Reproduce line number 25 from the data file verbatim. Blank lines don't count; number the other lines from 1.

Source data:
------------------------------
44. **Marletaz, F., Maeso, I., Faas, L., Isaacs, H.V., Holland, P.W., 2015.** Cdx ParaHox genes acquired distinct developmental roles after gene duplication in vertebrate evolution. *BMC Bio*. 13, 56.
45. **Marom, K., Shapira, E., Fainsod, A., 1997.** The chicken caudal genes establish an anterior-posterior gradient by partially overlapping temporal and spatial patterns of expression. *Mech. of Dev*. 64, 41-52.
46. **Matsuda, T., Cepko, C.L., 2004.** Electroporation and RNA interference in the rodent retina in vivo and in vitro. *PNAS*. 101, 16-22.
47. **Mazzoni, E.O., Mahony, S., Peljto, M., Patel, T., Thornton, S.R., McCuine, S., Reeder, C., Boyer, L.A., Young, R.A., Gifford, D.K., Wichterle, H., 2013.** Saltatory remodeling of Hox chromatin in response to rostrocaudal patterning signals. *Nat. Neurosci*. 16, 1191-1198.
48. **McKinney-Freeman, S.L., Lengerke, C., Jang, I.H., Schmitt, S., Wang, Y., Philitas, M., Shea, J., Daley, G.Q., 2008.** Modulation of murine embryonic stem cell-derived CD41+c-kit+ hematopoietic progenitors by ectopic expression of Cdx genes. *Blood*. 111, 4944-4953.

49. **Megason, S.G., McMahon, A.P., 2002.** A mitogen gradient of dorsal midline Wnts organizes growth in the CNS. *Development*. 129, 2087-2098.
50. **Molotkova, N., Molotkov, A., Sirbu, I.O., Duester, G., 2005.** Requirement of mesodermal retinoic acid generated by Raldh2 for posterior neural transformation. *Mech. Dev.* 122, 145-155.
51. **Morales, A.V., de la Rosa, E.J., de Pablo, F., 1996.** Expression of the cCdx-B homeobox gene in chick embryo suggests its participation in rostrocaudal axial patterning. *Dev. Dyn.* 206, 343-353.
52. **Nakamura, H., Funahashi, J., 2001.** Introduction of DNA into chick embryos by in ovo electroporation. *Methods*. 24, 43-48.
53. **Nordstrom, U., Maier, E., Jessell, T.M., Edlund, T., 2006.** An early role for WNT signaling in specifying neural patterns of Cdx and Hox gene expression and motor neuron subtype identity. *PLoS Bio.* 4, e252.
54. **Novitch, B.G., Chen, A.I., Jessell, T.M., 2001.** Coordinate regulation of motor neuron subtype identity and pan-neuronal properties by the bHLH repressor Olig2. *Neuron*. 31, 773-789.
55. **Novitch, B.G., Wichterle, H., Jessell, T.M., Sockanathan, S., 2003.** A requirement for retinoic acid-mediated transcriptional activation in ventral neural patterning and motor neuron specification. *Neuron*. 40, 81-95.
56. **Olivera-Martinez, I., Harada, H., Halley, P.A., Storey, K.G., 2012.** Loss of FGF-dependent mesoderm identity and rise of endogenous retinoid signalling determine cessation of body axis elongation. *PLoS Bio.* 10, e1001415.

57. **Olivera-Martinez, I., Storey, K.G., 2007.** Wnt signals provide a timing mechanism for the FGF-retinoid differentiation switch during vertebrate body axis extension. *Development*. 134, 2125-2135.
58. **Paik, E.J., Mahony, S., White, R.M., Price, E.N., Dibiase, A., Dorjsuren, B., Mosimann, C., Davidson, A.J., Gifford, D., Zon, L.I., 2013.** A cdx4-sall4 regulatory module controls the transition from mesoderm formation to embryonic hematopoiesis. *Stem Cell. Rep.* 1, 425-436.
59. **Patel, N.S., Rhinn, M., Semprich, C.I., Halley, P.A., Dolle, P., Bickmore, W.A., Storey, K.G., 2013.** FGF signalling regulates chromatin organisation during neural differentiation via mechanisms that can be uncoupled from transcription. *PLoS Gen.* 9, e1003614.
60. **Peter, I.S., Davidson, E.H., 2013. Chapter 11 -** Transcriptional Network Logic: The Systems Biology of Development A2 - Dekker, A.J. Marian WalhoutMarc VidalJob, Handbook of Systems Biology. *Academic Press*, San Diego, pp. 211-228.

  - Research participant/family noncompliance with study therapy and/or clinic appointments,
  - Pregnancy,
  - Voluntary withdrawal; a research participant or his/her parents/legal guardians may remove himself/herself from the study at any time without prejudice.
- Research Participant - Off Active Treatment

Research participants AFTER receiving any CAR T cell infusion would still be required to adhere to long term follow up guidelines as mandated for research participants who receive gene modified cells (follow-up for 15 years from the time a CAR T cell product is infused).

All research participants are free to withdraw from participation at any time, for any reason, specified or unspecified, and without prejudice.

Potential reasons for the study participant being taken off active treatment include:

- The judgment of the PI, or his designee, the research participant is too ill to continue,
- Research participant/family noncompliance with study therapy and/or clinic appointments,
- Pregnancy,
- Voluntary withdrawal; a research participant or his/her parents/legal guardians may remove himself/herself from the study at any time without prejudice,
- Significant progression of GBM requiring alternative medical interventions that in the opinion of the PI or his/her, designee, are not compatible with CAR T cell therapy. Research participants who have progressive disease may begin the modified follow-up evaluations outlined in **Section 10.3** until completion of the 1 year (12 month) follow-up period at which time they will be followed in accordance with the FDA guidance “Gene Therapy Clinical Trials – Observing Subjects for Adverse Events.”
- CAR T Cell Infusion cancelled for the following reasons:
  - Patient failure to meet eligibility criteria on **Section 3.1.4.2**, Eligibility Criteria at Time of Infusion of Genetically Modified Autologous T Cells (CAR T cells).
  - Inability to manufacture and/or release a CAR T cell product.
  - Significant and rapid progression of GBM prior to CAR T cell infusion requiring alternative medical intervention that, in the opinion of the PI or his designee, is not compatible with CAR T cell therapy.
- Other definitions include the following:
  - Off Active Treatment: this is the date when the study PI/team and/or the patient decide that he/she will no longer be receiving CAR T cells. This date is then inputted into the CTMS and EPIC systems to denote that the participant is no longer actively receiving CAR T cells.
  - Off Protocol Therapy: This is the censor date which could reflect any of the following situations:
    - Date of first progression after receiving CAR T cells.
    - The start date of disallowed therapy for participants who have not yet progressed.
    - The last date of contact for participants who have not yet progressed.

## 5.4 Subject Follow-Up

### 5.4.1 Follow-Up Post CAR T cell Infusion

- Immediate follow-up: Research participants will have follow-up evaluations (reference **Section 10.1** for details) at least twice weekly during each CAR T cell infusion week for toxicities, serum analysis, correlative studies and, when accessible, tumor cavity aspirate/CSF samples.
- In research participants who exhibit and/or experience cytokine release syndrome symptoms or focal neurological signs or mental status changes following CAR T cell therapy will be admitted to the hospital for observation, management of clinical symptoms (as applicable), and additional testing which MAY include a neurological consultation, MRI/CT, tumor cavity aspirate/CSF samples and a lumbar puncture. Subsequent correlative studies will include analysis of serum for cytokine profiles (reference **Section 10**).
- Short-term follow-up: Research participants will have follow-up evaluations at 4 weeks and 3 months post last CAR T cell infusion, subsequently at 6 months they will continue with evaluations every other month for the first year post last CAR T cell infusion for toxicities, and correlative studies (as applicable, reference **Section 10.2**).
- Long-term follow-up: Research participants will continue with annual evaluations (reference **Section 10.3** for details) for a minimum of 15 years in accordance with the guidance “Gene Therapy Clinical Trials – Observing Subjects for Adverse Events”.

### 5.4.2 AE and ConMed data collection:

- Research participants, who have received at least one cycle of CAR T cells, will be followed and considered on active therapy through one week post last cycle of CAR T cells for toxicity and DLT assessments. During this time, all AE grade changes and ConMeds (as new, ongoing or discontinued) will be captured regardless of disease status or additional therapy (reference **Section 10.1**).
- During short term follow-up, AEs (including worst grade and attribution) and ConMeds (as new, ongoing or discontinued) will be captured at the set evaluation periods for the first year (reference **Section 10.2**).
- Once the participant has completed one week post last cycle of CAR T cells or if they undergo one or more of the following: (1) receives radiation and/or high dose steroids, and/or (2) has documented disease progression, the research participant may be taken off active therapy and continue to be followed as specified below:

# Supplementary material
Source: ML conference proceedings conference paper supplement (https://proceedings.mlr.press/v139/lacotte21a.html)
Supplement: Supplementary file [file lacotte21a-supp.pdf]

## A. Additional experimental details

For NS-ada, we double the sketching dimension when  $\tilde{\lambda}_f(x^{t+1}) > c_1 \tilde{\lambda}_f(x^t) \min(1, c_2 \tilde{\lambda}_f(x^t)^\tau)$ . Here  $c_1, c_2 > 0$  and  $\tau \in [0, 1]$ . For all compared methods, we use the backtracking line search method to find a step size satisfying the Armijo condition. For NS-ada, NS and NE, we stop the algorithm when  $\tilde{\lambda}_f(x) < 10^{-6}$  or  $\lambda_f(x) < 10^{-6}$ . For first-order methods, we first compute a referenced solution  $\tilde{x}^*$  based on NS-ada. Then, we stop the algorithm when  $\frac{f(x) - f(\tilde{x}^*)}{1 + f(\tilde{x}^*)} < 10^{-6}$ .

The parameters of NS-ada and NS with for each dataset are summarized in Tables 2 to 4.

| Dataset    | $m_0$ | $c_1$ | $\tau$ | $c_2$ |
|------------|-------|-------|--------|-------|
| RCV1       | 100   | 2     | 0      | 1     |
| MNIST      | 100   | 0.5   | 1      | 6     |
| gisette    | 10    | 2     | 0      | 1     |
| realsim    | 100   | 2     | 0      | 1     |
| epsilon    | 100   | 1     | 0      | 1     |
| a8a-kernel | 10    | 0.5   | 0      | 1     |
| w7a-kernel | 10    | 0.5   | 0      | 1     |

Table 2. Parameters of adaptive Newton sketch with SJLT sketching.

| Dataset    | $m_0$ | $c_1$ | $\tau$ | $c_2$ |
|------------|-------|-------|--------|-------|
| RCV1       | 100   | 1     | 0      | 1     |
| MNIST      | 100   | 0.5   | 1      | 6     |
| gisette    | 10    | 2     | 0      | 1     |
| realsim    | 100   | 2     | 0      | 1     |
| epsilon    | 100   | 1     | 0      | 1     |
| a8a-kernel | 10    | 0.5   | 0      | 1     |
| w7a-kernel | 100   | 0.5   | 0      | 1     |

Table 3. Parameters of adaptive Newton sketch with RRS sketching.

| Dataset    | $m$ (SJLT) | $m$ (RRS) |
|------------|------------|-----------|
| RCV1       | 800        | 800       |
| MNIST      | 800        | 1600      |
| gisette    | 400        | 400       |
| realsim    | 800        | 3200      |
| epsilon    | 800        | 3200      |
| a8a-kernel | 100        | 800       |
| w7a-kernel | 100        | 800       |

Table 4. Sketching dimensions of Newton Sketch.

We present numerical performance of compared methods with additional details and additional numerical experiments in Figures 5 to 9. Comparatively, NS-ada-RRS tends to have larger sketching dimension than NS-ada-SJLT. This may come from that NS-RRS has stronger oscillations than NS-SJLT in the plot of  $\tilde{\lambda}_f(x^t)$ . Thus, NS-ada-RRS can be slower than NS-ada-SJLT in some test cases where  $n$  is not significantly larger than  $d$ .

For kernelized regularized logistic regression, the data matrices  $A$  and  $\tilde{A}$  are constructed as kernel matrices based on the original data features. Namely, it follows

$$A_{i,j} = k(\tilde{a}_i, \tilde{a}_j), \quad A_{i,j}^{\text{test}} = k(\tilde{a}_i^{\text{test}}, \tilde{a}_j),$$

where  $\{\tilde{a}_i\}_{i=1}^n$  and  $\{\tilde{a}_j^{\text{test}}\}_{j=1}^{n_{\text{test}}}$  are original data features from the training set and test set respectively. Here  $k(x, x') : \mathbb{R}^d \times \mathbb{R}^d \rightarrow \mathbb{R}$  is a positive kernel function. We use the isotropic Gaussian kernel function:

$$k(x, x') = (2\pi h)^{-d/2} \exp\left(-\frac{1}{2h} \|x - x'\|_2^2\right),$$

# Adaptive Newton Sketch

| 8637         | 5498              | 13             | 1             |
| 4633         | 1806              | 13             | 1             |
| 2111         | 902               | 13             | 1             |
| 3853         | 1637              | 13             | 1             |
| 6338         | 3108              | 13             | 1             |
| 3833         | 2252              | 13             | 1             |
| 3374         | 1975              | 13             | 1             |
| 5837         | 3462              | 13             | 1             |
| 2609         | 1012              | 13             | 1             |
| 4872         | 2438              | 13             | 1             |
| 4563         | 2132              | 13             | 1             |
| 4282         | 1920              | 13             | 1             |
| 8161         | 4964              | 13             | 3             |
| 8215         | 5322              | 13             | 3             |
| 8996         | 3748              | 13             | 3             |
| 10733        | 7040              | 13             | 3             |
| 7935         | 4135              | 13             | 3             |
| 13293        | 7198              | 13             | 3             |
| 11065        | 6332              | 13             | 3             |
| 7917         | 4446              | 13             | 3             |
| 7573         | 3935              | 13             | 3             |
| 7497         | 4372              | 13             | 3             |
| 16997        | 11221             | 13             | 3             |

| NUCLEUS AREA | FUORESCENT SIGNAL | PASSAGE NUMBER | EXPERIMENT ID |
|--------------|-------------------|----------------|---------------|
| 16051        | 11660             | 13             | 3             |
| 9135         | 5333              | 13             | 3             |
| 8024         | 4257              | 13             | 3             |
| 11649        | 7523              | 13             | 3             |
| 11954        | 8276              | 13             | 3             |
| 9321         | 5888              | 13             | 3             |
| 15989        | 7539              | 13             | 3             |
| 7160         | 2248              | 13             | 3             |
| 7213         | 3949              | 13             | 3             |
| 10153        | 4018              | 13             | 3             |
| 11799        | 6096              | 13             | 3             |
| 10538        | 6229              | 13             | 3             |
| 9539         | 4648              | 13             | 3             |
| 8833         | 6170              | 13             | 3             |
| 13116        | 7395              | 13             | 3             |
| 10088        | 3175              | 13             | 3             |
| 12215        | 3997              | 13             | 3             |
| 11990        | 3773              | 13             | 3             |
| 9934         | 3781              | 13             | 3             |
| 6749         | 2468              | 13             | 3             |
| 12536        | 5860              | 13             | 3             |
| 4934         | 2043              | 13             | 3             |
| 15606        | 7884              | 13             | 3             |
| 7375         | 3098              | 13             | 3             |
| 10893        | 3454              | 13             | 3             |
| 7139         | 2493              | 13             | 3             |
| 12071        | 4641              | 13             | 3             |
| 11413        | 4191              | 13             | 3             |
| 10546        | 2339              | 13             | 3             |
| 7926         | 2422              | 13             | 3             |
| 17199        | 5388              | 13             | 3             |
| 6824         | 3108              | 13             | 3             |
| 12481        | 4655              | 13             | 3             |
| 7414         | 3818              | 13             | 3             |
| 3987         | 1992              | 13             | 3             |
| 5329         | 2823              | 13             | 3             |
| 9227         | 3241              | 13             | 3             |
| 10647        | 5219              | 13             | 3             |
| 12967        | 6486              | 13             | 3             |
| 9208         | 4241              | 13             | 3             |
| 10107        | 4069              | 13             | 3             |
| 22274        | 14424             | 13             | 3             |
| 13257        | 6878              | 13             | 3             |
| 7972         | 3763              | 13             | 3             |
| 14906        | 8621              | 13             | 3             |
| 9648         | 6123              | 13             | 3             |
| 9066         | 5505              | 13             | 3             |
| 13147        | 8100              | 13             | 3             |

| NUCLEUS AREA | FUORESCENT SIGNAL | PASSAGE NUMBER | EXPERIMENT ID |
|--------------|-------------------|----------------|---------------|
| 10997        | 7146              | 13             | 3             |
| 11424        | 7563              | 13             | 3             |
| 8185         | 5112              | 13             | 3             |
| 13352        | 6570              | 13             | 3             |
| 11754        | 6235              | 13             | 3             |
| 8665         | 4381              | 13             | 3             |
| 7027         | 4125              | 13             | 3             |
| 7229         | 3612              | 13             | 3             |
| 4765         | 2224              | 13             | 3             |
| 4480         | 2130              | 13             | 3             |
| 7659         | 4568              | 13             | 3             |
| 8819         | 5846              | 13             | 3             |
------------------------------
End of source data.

- The judgment of the PI, or his designee, the research participant is too ill to continue,